They’re not really worms, they’re sawfly larvae, and they’re everywhere, scouring the green tissue from each leaf, leaving behind a veiny patchwork. They’re luminescent green, about this long ——->. I count five on one leaflet. Happily the herd has not made its way to the new leaves at the top. Maybe they’re waiting for the leaves to plump up some more, which they soon will, thanks to sunlight and the alfalfa meal I fed Miss Hepburn last winter.
Rising above the foli-carn-age is a flurry of impeccable pink roses. This ‘Audrey Hepburn’ is very elegant, worthy of her namesake, despite the vermin. More or less gladly I fall to my knees and get to work, detaching thorny stems from thornier twigs. Some come away easily, some take a tug. I go barehanded, since my gloves are too clunky, too thick. Fingertips are useful to discover outlying green gobblers. Squish: in each evisceration a little grit, a little goo. Disgusting labor but I don’t so much mind. I’m even a little grateful to be in service to this kind of beauty.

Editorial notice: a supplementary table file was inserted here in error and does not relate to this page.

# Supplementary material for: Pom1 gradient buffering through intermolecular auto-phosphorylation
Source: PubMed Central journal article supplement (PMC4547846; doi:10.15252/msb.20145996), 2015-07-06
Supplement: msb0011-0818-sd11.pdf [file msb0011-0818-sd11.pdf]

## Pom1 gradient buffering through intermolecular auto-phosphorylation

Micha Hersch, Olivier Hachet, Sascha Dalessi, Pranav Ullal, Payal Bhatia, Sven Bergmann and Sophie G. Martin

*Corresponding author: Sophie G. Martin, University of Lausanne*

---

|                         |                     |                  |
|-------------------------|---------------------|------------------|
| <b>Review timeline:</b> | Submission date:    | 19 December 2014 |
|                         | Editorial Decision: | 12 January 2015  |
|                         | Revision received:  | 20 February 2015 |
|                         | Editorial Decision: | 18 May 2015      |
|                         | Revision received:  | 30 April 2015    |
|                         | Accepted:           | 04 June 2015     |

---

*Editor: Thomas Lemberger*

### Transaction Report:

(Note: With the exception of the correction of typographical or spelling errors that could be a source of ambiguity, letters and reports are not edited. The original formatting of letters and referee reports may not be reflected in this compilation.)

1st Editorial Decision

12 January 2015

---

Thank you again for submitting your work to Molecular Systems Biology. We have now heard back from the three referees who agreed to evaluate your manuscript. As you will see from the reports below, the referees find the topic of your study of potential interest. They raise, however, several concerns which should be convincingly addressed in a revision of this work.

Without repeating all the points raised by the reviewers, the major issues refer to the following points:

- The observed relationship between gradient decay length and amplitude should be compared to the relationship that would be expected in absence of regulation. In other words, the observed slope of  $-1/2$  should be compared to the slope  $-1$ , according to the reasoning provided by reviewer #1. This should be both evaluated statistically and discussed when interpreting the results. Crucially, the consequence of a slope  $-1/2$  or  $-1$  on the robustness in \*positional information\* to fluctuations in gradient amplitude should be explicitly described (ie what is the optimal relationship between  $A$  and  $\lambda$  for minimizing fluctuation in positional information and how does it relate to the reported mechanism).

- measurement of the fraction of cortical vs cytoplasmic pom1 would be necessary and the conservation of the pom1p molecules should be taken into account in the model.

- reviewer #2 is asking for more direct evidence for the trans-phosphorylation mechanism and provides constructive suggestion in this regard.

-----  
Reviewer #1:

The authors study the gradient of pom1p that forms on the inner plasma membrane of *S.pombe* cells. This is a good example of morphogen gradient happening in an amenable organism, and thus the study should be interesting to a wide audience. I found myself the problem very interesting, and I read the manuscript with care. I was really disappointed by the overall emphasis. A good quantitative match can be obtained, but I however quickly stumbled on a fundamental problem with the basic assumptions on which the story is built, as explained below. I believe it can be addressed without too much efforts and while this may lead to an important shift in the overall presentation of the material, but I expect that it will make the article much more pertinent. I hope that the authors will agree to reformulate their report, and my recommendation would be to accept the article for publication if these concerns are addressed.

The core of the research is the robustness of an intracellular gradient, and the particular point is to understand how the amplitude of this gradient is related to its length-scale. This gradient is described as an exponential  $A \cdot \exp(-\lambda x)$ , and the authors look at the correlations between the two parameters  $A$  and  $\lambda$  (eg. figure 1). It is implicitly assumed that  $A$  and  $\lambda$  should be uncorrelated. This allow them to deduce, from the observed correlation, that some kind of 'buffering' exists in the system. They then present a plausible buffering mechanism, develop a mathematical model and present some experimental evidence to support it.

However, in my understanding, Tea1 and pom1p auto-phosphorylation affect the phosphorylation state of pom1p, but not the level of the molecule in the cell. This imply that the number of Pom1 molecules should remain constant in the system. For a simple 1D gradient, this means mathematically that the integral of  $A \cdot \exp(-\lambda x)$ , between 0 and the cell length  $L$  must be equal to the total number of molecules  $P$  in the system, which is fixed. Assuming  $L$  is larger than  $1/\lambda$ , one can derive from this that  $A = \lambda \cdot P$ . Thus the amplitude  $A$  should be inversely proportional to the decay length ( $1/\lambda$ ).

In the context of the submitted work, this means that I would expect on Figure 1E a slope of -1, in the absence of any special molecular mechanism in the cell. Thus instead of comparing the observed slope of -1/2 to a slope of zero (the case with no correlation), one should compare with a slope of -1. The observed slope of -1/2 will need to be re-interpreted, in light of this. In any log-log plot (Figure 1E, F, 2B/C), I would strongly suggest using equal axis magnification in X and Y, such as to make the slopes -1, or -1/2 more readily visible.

That lasts a short while. There are other roses to do. They all have worms. Worms worms worms. Poor ‘Betty Prior’ at the end of the row. By the time I get to her, star treatment is so over. Was there ever a star named Betty? Betty suits “Betty Crocker.”
I take a break from leaf-plucking and worm pinching. It’s still a beautiful morning out there, outside my head. We’re having weather befitting our gentrified selves. Climate chaos has been in the papers a lot lately. Is Florida going under? Look at the tall trees hereabouts, glowing with vitality—the maple, the pittosporum, the red plum. Sure it’s been a windy few days but it’s calm today. Back in Kansas the wind has been blowing trains right off the tracks, semis off the interstate. We’re not talking tornadoes, just your day to day wind.
Nature adapts, takes what belongs to it and sometimes more. Like the anemones taking over the clivia. With my hori-hori I gut the colonizing anemones while piecing together the idea for a screenplay, about a plant that in response to an altered environment activates a gene and begin smothering cities, one after another. A plant like the mattress vine in the garden next door, wiry, dense, a wave advancing over the fence into this garden which I must cut back every time I’m here and which, if I’m not lax, I’ll do today. In my movie city blocks are overtaken in hours, entombed like Pompei. Herbicide only feeds the vine (thanks, Monsanto.) Mattress-cide is critical, but it’s too late. Humans are reduced to a remnant. Squish.
I pull myself up short; that movie’s been done, The Little Shop of Horrors, about the plant that craved human blood. What was her name? Oh right, Audrey II.